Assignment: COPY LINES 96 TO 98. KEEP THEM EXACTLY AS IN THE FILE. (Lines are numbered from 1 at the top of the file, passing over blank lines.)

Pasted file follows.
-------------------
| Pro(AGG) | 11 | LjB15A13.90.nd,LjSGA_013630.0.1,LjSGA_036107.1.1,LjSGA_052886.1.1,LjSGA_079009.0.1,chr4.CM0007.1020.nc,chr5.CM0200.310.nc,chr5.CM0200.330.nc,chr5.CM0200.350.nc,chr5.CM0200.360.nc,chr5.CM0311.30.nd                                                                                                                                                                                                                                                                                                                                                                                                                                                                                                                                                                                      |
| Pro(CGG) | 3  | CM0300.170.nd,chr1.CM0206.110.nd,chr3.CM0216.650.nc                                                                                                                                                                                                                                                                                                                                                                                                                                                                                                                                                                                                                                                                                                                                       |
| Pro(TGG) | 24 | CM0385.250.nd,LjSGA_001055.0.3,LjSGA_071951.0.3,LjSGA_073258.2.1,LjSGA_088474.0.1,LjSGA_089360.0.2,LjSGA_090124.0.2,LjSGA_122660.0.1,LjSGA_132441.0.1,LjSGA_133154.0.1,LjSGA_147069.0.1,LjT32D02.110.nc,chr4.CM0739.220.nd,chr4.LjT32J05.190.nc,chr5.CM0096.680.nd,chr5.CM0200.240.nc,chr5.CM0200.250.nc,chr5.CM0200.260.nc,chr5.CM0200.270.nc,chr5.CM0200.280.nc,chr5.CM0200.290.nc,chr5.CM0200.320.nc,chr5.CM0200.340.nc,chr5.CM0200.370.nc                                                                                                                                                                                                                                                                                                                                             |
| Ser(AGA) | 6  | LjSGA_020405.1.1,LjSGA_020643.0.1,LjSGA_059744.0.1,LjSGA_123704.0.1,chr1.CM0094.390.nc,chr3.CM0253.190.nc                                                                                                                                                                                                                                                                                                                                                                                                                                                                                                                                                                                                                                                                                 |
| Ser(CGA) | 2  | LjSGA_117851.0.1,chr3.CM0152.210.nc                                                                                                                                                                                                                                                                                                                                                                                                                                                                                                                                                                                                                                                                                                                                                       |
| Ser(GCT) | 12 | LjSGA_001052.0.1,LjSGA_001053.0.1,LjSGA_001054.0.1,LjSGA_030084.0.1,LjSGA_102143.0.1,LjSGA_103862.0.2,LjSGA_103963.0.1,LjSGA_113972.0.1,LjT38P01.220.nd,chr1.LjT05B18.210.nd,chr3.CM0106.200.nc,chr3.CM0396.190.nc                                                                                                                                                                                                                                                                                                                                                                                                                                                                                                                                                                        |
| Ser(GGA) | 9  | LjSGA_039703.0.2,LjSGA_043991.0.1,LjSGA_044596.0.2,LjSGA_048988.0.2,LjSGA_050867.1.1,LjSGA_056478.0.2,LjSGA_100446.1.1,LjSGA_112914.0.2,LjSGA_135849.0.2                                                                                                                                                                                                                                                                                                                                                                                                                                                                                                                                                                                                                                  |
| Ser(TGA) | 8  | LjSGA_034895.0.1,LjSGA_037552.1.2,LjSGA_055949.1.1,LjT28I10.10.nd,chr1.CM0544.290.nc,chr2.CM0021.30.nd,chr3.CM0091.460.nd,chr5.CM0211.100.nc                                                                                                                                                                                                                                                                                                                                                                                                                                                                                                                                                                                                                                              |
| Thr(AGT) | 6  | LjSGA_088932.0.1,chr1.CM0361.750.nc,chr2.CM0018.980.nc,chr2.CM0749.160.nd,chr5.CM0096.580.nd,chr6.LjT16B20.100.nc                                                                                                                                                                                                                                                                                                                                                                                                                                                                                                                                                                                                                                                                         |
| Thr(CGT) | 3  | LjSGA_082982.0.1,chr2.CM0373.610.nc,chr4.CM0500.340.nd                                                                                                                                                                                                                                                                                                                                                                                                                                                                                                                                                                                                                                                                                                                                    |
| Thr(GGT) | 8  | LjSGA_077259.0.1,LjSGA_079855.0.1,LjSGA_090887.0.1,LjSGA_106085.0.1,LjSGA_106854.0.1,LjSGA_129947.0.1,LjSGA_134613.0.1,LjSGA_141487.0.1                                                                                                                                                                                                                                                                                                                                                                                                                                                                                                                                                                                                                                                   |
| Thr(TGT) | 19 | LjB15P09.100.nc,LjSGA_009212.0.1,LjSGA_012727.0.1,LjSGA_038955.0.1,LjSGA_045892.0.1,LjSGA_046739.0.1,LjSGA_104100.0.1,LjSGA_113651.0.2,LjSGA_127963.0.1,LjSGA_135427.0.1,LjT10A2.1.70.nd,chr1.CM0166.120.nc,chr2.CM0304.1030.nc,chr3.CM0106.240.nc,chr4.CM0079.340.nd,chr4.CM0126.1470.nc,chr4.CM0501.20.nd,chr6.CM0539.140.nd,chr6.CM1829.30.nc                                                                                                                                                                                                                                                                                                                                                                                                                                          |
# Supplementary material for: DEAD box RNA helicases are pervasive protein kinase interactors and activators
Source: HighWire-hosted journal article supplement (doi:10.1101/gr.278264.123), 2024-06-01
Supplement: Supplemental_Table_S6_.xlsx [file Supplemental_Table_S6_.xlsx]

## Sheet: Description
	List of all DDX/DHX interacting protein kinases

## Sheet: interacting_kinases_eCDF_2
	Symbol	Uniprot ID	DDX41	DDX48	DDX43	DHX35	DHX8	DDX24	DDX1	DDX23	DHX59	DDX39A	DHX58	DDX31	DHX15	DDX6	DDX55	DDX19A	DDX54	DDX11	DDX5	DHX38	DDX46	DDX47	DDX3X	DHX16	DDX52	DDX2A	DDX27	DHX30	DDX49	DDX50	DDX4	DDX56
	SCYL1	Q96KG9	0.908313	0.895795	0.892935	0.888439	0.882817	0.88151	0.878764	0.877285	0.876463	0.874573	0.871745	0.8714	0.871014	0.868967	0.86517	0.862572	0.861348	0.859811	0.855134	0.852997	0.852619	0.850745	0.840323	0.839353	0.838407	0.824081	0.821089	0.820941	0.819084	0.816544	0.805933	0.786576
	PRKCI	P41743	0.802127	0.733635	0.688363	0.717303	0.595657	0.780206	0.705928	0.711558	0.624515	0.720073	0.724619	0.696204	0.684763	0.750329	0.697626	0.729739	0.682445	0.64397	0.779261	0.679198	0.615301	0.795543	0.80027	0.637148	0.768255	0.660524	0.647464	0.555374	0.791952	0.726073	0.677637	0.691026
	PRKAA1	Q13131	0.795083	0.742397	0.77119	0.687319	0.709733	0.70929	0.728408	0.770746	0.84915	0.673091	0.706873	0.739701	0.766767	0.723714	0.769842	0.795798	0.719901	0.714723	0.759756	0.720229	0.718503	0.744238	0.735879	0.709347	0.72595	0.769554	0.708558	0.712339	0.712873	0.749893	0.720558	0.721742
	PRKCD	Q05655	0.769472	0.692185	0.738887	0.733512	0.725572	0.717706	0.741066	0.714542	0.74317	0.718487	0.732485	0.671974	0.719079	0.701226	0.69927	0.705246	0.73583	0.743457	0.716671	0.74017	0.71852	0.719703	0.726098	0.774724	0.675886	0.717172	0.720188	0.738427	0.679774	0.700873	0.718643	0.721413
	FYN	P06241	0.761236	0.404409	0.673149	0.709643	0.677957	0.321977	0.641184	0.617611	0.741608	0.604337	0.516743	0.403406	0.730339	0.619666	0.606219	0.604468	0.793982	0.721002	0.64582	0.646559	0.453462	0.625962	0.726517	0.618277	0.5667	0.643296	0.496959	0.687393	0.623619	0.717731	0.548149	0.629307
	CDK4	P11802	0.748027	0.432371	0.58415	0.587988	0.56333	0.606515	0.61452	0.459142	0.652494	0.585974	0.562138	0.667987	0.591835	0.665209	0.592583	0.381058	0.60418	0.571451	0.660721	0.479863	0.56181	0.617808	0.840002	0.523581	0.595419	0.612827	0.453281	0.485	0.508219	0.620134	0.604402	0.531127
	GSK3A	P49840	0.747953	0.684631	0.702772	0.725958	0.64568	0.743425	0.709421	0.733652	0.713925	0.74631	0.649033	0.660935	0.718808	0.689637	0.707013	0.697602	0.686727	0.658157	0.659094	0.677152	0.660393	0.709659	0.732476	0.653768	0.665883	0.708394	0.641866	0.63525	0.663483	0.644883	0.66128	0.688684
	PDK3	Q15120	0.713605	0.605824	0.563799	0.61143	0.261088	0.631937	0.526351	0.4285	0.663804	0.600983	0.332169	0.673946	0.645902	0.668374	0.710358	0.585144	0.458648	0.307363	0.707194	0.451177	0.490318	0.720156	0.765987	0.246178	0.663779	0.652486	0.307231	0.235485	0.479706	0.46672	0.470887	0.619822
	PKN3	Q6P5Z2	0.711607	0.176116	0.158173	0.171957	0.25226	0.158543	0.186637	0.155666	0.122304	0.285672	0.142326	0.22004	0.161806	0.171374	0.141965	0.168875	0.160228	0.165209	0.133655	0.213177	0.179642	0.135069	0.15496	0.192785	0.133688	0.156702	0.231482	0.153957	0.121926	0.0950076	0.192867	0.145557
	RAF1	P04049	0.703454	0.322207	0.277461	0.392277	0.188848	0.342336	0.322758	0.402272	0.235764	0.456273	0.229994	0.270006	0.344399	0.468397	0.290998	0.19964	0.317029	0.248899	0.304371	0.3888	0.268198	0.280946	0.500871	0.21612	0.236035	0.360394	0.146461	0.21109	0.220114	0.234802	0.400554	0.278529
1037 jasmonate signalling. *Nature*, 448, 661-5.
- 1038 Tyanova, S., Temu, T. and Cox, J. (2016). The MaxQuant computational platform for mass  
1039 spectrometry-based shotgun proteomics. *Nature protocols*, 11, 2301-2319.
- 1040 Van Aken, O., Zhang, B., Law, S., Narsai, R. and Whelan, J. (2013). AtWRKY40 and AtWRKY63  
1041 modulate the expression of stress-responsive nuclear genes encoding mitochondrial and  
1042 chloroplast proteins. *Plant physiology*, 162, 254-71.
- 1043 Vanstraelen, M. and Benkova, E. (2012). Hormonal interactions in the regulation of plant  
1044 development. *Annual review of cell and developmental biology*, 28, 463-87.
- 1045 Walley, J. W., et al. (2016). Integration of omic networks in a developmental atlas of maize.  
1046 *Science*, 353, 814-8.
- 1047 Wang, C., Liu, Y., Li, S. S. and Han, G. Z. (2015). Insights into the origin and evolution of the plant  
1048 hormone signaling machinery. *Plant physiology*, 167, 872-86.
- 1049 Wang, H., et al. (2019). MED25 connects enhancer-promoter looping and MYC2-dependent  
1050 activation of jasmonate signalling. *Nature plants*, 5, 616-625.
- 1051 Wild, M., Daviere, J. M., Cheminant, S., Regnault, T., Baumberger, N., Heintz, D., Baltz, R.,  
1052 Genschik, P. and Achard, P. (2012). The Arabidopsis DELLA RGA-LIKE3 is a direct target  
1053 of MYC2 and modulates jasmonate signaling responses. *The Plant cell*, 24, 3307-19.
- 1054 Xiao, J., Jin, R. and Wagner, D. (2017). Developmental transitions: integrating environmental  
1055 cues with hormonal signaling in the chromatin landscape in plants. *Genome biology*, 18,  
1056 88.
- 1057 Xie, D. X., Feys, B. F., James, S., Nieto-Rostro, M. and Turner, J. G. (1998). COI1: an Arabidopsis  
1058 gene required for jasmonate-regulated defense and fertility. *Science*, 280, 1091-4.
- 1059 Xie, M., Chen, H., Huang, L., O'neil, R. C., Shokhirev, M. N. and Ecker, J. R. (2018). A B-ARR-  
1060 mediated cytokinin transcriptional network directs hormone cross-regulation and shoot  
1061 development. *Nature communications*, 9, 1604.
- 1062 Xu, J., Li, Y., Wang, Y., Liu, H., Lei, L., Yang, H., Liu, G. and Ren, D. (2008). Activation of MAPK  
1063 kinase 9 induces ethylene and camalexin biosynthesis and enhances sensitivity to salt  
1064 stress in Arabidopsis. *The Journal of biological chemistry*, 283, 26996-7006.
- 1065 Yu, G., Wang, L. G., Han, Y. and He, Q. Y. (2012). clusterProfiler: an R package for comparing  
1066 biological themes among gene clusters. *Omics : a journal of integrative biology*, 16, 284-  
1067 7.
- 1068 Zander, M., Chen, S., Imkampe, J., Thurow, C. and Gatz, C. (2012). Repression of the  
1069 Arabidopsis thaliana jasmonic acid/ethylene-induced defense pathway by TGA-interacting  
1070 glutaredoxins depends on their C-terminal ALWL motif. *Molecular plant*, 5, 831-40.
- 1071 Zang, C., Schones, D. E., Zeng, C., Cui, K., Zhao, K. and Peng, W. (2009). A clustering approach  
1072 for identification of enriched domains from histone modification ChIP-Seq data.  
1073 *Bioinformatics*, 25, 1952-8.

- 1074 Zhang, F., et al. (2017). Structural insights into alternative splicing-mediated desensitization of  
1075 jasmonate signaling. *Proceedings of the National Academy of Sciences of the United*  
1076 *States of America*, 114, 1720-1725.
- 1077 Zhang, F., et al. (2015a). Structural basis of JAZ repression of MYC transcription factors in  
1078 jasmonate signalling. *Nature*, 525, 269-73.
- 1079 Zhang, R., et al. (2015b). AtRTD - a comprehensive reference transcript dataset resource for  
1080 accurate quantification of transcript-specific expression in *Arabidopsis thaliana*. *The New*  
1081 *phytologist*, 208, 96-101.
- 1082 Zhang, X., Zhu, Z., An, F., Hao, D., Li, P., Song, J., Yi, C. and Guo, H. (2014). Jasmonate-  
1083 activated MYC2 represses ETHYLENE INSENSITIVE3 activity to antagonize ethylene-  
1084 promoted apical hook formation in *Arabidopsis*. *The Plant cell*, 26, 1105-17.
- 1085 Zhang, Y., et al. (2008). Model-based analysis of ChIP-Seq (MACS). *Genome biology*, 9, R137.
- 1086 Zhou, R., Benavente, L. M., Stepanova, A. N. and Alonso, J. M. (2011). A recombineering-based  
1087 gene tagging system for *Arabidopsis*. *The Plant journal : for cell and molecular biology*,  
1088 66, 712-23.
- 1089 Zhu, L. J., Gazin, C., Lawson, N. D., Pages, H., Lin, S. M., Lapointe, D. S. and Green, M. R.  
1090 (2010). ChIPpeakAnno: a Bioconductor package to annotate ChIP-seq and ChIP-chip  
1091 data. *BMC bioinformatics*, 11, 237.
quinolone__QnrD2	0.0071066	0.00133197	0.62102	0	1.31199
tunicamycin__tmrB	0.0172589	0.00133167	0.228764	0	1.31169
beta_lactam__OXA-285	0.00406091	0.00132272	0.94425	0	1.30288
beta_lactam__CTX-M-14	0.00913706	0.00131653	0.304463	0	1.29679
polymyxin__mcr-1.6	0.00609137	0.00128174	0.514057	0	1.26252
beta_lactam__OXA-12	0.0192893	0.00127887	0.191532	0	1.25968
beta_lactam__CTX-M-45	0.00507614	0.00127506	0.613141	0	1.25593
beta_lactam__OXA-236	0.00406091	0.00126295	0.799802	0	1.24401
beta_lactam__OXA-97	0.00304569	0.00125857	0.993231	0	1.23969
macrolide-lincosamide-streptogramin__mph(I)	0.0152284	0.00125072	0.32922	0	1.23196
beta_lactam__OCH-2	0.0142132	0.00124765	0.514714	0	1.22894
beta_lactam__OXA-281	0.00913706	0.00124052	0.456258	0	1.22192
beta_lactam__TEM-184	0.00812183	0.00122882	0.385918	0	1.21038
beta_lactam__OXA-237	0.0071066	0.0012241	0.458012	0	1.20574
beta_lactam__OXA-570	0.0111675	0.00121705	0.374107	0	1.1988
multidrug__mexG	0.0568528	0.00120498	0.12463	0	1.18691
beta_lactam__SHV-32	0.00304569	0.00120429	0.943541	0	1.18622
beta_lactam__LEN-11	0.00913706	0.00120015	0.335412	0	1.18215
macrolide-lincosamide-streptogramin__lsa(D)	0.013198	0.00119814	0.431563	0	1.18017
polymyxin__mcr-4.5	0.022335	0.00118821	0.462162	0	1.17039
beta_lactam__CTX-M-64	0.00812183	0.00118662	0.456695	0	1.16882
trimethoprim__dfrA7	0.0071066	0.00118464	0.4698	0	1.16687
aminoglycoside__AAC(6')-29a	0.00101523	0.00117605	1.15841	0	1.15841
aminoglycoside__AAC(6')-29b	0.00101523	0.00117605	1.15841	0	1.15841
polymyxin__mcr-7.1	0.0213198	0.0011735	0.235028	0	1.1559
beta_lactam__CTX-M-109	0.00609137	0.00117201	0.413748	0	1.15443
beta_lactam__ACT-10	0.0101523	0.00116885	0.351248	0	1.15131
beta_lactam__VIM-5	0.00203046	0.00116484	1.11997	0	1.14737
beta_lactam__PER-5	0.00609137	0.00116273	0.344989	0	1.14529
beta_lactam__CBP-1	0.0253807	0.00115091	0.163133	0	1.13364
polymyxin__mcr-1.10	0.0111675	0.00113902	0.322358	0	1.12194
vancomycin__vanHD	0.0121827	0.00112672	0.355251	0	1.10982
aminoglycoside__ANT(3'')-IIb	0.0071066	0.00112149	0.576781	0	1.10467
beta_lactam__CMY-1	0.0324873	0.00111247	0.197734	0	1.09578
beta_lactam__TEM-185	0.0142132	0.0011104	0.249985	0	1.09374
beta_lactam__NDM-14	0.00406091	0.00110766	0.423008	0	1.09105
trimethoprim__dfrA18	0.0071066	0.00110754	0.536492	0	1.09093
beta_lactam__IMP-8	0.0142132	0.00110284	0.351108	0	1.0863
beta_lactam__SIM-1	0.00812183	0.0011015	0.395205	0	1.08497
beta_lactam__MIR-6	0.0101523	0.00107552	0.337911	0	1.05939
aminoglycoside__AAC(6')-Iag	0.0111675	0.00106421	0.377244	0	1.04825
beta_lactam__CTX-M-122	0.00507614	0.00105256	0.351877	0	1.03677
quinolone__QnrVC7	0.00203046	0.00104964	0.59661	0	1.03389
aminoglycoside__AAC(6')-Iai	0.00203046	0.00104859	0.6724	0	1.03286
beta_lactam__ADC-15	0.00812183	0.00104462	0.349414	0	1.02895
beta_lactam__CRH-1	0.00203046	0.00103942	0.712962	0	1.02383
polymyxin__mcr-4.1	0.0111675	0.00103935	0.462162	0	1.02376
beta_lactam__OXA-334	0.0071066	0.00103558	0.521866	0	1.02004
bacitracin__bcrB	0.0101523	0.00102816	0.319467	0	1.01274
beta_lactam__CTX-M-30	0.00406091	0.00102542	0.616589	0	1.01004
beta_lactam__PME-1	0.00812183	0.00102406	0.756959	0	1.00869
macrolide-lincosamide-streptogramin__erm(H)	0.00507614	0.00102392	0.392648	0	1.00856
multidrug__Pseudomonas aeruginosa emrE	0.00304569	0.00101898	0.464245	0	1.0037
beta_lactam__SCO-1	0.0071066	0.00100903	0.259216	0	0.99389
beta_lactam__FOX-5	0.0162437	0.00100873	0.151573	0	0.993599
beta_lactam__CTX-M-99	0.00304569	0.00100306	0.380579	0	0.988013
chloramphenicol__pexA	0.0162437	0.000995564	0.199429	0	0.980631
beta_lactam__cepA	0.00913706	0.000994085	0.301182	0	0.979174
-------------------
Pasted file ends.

beta_lactam__OXA-281	0.00913706	0.00124052	0.456258	0	1.22192
beta_lactam__TEM-184	0.00812183	0.00122882	0.385918	0	1.21038
beta_lactam__OXA-237	0.0071066	0.0012241	0.458012	0	1.20574